From the Stuart News, March 3 2009
To The Stuart News, March 3, 2009
The Comprehensive Everglades Restoration Plan of 2000 has 68 construction features at an estimated cost of $7.8 billion. It is now estimated at more than $15 billion. In the plan the largest storage component for Lake Okeechobee water is aquifer storage and recovery — pumping water from the lake down 200 wells into the 1,000-foot aquifer and hoping it stays there to be “recovered” later.
This was estimated to cost $1.16 billion. It’s now estimated at $2.26 billion and $50 million a year in operation and maintenance (lots of pumping), and all scientist know it won’t work.
We need to replace this component of the plan with the state purchase of 180,000 acres of U.S. Sugar’s farmland for $1.34 billion, which would give us land in the Everglades Agricultural Area to make that hydrologic connection from Lake Okeechobee to the Everglades.
Even with creating natural water storage treatment and conveyance, it will be saving taxpayers millions and may qualify for federal 50/50 match funds when it comes.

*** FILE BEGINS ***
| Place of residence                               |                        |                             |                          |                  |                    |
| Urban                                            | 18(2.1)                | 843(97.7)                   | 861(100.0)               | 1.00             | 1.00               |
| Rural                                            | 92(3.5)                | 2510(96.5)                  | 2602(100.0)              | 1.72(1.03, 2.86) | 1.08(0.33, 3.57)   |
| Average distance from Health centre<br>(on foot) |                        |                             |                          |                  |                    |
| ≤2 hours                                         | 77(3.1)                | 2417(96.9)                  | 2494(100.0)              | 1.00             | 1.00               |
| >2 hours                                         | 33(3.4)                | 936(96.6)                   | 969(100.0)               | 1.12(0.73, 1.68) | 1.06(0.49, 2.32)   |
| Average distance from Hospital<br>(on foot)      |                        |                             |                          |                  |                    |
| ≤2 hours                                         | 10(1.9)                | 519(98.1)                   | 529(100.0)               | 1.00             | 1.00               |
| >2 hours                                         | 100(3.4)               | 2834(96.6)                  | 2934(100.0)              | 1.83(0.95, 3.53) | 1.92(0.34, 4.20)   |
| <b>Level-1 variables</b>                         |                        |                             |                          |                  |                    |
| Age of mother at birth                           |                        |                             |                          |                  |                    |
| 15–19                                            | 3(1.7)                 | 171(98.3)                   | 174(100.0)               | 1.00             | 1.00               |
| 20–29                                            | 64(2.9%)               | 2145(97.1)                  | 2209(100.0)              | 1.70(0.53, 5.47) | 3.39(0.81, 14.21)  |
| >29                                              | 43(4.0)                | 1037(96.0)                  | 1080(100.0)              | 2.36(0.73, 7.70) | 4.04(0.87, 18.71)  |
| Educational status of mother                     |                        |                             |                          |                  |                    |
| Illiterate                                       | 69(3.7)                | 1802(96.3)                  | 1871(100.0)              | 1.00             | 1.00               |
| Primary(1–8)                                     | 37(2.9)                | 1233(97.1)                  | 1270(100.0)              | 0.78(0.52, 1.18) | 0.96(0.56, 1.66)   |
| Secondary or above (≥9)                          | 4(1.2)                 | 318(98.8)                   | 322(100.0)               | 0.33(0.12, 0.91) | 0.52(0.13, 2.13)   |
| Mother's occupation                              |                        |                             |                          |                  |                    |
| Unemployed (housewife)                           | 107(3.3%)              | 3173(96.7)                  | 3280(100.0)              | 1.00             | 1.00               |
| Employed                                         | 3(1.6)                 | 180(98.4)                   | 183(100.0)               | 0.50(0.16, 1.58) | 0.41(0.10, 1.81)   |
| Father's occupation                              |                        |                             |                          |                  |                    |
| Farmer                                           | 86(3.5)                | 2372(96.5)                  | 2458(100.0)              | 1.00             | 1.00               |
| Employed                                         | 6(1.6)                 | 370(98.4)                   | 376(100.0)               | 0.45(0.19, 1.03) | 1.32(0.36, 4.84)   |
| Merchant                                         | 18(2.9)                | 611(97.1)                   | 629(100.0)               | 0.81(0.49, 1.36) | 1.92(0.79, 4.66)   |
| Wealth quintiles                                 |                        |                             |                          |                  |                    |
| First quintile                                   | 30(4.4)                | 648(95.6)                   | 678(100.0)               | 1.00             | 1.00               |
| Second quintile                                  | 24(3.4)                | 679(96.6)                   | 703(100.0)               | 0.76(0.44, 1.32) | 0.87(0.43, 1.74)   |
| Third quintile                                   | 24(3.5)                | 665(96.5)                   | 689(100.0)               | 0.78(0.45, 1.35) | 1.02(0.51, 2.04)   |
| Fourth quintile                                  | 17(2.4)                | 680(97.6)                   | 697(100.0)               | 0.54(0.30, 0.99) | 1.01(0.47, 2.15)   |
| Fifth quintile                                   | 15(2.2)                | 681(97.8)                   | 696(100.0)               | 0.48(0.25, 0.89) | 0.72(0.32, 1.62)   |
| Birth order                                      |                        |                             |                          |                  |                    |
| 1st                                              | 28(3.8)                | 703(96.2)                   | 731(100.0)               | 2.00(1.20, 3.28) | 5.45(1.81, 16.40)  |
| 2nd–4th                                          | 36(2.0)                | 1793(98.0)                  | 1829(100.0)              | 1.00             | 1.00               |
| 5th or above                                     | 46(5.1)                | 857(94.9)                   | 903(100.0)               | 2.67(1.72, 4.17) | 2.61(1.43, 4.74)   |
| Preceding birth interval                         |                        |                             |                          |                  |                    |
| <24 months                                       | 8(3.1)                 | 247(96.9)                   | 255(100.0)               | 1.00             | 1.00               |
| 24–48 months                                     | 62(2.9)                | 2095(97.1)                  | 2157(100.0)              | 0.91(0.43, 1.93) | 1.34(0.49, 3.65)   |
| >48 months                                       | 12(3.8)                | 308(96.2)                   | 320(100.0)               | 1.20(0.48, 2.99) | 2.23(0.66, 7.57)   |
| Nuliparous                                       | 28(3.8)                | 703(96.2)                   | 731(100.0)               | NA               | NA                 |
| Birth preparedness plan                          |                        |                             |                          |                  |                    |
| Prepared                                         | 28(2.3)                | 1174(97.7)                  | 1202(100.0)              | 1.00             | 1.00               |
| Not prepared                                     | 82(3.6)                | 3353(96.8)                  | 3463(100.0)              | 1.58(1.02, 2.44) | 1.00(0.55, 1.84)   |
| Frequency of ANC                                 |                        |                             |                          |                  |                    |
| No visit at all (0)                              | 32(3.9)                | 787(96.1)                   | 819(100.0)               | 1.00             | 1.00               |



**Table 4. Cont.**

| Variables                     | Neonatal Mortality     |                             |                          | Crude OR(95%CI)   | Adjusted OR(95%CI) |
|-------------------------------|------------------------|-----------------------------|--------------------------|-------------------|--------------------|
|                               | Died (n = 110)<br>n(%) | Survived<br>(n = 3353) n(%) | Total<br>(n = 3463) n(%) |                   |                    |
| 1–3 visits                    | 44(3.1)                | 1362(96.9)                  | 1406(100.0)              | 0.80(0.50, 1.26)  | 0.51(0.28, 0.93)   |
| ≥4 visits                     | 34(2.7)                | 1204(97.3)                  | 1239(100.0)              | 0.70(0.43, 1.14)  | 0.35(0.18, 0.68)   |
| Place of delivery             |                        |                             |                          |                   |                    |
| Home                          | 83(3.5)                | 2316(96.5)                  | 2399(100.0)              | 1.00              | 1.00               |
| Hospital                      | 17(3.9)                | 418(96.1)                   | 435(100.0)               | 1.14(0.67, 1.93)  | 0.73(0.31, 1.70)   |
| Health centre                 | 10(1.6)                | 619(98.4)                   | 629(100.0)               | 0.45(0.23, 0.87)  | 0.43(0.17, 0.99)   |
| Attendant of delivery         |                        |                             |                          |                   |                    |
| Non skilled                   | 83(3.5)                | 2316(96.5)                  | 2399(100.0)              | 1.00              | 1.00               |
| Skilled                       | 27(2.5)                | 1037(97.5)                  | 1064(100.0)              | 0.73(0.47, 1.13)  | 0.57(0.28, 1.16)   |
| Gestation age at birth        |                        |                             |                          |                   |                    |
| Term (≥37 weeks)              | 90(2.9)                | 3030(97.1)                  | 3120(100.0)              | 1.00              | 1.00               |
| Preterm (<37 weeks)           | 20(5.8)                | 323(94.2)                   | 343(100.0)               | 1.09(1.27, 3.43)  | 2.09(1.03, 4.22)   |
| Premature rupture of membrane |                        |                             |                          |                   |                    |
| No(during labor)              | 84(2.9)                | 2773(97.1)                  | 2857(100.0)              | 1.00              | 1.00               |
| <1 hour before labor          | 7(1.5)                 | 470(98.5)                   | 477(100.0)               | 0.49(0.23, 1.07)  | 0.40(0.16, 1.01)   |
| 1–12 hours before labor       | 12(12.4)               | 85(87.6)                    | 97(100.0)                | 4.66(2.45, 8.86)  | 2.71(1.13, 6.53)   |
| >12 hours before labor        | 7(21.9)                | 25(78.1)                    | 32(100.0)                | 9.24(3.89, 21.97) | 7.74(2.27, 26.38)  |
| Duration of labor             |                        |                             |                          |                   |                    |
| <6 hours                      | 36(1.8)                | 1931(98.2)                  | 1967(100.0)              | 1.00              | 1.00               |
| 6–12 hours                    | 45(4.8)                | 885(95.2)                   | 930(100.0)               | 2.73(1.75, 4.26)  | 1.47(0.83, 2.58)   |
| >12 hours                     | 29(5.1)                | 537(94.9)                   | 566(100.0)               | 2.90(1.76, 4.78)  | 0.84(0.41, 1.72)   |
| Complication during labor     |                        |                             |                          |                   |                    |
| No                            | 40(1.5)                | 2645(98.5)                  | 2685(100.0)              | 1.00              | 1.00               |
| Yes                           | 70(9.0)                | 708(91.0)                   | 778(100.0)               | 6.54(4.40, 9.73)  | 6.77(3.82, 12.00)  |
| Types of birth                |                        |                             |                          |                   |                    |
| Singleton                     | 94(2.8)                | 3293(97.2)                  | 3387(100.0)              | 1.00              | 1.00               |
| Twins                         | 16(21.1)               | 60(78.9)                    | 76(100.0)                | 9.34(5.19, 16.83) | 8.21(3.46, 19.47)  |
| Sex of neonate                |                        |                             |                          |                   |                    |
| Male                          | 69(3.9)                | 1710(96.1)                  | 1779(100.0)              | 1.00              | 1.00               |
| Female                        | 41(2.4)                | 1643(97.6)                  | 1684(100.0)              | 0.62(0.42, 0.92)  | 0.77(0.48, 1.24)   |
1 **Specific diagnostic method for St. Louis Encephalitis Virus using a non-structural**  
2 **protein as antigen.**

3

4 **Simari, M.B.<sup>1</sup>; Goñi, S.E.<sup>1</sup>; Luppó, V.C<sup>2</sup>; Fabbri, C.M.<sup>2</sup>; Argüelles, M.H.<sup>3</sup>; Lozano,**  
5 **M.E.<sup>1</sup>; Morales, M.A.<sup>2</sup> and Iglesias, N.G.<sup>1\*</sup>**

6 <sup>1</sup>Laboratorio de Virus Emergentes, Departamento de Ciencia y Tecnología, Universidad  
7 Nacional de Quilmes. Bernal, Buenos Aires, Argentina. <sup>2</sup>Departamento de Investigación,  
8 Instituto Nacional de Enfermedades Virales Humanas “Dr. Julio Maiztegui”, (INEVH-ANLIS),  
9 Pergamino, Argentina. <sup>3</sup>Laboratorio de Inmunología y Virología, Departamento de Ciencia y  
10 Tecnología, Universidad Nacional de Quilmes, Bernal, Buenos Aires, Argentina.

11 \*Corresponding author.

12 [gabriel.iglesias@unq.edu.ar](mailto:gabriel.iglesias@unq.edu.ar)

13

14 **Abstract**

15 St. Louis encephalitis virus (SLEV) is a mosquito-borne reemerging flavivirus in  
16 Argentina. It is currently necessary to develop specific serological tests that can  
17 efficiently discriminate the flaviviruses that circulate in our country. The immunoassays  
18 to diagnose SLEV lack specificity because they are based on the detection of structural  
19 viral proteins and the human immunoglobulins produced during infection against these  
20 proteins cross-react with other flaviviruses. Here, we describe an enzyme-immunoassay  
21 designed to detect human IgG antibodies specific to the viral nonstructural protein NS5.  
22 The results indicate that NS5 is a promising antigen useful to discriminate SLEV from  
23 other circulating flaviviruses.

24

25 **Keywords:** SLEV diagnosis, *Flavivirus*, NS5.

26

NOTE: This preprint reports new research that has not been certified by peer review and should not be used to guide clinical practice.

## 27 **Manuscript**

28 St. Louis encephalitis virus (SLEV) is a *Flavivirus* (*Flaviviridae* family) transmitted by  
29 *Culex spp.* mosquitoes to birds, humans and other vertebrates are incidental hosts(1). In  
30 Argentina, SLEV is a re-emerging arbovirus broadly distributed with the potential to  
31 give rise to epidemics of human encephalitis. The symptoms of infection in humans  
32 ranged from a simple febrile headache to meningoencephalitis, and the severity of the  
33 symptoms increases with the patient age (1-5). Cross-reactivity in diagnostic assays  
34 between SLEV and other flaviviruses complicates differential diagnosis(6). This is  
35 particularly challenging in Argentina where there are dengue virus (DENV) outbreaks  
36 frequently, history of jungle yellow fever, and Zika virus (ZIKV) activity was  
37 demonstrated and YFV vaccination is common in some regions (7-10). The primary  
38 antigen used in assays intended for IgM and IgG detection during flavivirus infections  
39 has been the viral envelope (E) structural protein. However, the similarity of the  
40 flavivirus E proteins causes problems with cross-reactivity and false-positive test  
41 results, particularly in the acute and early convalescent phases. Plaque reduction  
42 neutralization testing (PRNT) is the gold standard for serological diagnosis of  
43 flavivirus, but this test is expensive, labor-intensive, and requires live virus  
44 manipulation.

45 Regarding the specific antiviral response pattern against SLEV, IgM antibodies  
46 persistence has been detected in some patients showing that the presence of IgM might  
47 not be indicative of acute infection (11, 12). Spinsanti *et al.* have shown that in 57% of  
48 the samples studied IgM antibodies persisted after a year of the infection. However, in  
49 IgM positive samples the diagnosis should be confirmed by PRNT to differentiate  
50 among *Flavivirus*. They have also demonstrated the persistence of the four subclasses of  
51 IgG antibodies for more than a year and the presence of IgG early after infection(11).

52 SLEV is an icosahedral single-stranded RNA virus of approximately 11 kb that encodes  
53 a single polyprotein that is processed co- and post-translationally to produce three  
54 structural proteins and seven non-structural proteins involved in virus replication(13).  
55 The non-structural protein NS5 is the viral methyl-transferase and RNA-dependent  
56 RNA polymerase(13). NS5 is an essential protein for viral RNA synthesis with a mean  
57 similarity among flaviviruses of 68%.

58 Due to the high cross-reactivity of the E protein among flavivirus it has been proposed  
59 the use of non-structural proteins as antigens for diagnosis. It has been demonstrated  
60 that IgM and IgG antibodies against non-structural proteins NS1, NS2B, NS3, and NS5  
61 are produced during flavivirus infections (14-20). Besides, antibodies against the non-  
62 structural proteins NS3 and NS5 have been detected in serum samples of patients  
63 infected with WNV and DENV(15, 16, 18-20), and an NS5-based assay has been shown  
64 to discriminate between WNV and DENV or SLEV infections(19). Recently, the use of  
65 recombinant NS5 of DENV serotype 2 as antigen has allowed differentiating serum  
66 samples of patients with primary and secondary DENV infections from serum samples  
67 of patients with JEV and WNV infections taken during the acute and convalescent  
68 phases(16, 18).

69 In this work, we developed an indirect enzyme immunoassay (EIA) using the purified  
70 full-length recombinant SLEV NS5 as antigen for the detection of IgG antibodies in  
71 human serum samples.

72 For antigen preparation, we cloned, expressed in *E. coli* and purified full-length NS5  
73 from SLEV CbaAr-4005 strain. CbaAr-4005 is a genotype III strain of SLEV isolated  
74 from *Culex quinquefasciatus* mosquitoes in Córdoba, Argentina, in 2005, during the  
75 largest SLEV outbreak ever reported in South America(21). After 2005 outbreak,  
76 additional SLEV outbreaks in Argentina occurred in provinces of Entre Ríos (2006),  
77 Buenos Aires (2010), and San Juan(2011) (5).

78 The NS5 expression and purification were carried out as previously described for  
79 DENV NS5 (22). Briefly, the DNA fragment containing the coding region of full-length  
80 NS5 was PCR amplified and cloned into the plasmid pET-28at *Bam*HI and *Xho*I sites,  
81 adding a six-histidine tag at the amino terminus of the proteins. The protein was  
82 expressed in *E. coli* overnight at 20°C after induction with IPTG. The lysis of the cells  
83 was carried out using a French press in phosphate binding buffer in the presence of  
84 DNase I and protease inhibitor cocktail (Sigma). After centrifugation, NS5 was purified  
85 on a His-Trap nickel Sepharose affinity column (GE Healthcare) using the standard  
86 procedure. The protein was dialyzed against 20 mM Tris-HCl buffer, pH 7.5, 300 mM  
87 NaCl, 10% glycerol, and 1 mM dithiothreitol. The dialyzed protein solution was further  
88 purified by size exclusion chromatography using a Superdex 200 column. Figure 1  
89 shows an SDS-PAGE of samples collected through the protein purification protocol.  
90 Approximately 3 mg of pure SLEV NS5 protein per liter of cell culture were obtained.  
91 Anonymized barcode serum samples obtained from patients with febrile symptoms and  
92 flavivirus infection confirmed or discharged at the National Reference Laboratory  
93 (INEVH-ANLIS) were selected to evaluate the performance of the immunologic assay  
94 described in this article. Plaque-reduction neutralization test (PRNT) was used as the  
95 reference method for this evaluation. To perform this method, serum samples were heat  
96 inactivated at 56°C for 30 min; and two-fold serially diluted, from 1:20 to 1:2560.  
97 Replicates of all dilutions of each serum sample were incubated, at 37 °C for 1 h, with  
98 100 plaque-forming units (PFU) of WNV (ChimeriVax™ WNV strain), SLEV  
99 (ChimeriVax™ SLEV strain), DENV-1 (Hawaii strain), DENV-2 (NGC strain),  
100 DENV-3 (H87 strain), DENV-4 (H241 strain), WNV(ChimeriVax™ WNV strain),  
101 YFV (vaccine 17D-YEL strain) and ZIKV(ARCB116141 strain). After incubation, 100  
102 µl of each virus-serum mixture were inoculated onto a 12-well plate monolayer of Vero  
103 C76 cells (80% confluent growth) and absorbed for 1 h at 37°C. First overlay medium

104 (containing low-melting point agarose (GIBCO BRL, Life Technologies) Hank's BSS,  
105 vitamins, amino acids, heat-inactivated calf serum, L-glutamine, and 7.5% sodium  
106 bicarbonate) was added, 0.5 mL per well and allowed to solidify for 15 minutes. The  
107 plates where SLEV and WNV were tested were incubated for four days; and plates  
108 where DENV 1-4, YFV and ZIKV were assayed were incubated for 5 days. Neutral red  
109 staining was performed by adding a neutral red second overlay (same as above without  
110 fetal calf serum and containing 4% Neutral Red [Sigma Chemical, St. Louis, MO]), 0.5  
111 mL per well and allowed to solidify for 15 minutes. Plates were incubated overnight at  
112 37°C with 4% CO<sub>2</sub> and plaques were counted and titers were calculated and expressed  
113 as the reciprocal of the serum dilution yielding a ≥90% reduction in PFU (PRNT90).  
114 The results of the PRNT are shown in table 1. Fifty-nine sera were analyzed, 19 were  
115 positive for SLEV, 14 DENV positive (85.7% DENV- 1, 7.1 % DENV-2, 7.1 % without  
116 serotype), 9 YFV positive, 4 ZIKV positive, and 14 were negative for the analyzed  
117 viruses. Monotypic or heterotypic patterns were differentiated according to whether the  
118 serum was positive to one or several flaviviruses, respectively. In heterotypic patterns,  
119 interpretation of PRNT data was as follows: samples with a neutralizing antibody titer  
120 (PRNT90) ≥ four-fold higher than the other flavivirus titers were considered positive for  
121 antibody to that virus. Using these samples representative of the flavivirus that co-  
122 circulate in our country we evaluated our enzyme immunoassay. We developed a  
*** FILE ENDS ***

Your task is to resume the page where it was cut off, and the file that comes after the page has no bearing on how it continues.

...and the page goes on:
The revival of the River of Grass also will eliminate the unnatural flows from the lake to the St. Lucie and Caloosahatchee River estuaries, which is killing these coastal ecosystems and wasting Florida’s freshwater resources.
It would take the 200 aquifer-storage-and-recovery wells 400 days — pumping 24 hours a day, seven days a week — to lower the lake by three feet, while the River of Grass project would take only about 80 days.
It is the better project for the Everglades plan, costing a lot less and providing more natural storage options. It also will let nature help store the water, with 84 percent going to evapotranspiration, and recharge the aquifers south of the lake.
This is sure better than pumping it into many holes, at great expense, only to lose it forever.
Mark D. Perry , executive director, Florida Oceanographic Society